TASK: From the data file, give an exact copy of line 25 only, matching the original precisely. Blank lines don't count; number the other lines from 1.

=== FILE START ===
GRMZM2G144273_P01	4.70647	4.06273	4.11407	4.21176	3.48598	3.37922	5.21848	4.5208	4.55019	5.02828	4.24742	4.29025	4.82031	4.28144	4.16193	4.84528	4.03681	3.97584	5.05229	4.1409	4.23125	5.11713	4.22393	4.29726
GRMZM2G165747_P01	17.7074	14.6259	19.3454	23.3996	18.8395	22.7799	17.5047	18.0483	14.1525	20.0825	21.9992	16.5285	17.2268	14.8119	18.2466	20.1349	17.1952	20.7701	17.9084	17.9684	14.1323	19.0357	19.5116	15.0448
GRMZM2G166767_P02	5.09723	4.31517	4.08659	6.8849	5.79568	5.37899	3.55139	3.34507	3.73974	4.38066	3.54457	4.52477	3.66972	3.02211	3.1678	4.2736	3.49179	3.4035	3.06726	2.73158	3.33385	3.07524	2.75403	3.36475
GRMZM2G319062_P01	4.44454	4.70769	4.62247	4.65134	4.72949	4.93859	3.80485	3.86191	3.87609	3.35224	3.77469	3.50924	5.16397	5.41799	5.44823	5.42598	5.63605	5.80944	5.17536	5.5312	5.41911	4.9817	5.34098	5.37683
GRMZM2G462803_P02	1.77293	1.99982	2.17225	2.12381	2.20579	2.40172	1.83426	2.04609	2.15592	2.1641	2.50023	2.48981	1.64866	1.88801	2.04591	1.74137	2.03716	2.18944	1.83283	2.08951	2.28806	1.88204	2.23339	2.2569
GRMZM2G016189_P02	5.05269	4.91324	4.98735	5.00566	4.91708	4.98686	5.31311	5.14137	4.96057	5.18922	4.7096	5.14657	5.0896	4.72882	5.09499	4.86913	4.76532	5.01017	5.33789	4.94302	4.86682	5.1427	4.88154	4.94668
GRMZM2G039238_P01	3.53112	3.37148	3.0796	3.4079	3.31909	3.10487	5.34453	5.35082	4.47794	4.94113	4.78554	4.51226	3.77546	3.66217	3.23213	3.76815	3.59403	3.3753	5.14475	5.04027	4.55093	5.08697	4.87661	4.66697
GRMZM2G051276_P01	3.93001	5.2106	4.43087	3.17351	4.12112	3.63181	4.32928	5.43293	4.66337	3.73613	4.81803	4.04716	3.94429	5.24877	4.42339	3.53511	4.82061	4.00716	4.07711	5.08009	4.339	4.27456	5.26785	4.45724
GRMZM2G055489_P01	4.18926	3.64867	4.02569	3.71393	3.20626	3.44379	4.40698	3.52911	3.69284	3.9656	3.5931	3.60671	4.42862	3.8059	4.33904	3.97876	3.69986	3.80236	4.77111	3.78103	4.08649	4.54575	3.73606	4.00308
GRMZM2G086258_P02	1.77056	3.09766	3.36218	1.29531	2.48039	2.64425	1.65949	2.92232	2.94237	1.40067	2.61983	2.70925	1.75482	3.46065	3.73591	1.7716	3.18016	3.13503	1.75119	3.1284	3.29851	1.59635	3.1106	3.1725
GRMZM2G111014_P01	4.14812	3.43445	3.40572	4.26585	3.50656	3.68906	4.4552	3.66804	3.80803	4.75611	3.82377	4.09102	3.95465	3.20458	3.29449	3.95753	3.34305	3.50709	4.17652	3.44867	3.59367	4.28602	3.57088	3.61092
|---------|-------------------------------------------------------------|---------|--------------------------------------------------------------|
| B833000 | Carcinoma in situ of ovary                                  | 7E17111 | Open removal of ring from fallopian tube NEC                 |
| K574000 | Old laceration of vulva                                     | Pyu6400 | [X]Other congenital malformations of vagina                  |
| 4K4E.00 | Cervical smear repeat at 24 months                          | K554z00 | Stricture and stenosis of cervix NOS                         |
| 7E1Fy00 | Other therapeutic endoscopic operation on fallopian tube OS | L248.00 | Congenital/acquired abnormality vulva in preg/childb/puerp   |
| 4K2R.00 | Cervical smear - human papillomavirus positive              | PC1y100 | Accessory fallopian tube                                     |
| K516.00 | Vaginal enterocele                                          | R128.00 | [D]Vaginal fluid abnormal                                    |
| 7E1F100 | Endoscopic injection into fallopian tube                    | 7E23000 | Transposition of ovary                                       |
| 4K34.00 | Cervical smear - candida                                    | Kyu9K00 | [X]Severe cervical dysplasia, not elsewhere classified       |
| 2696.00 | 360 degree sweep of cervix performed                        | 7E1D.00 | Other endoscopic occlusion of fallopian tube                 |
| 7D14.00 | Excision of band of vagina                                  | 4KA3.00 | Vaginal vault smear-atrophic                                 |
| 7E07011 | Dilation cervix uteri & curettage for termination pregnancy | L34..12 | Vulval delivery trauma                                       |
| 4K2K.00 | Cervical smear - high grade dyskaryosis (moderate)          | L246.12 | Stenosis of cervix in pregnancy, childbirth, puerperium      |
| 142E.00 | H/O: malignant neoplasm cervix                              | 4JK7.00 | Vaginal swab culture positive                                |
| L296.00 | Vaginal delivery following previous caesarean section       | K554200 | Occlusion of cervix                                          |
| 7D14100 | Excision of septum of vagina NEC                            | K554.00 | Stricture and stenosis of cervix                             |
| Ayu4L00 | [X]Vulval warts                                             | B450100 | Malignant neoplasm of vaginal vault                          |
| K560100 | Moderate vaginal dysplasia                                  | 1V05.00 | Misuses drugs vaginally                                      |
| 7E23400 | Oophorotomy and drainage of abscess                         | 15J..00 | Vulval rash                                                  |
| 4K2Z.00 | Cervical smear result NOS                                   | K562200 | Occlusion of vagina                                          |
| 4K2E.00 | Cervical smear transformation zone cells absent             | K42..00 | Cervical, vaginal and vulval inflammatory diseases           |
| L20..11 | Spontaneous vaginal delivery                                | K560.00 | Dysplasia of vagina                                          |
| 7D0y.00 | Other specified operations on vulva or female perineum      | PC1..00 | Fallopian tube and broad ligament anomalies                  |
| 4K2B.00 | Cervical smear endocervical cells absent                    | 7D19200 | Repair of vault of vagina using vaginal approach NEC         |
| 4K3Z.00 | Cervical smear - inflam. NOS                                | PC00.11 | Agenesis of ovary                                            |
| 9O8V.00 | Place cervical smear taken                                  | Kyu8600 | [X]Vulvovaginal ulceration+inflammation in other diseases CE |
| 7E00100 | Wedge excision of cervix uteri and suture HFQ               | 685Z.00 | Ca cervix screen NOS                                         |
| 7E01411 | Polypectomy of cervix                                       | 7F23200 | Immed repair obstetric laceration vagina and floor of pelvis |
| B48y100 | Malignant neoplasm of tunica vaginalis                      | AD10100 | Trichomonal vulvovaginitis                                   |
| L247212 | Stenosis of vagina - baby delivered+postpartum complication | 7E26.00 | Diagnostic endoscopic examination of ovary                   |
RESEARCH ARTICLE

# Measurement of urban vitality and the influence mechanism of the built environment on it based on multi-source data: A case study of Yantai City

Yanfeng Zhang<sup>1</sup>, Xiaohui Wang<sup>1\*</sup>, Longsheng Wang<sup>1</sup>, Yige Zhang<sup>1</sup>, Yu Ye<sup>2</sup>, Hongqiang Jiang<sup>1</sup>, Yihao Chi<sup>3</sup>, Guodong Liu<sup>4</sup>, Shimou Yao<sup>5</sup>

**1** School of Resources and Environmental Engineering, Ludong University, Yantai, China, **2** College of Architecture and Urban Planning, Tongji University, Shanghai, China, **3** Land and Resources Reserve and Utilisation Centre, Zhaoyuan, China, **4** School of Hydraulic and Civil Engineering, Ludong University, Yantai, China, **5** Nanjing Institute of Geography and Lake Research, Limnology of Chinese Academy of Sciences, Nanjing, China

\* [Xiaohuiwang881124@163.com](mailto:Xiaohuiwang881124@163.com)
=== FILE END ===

| 142E.00 | H/O: malignant neoplasm cervix                              | 4JK7.00 | Vaginal swab culture positive                                |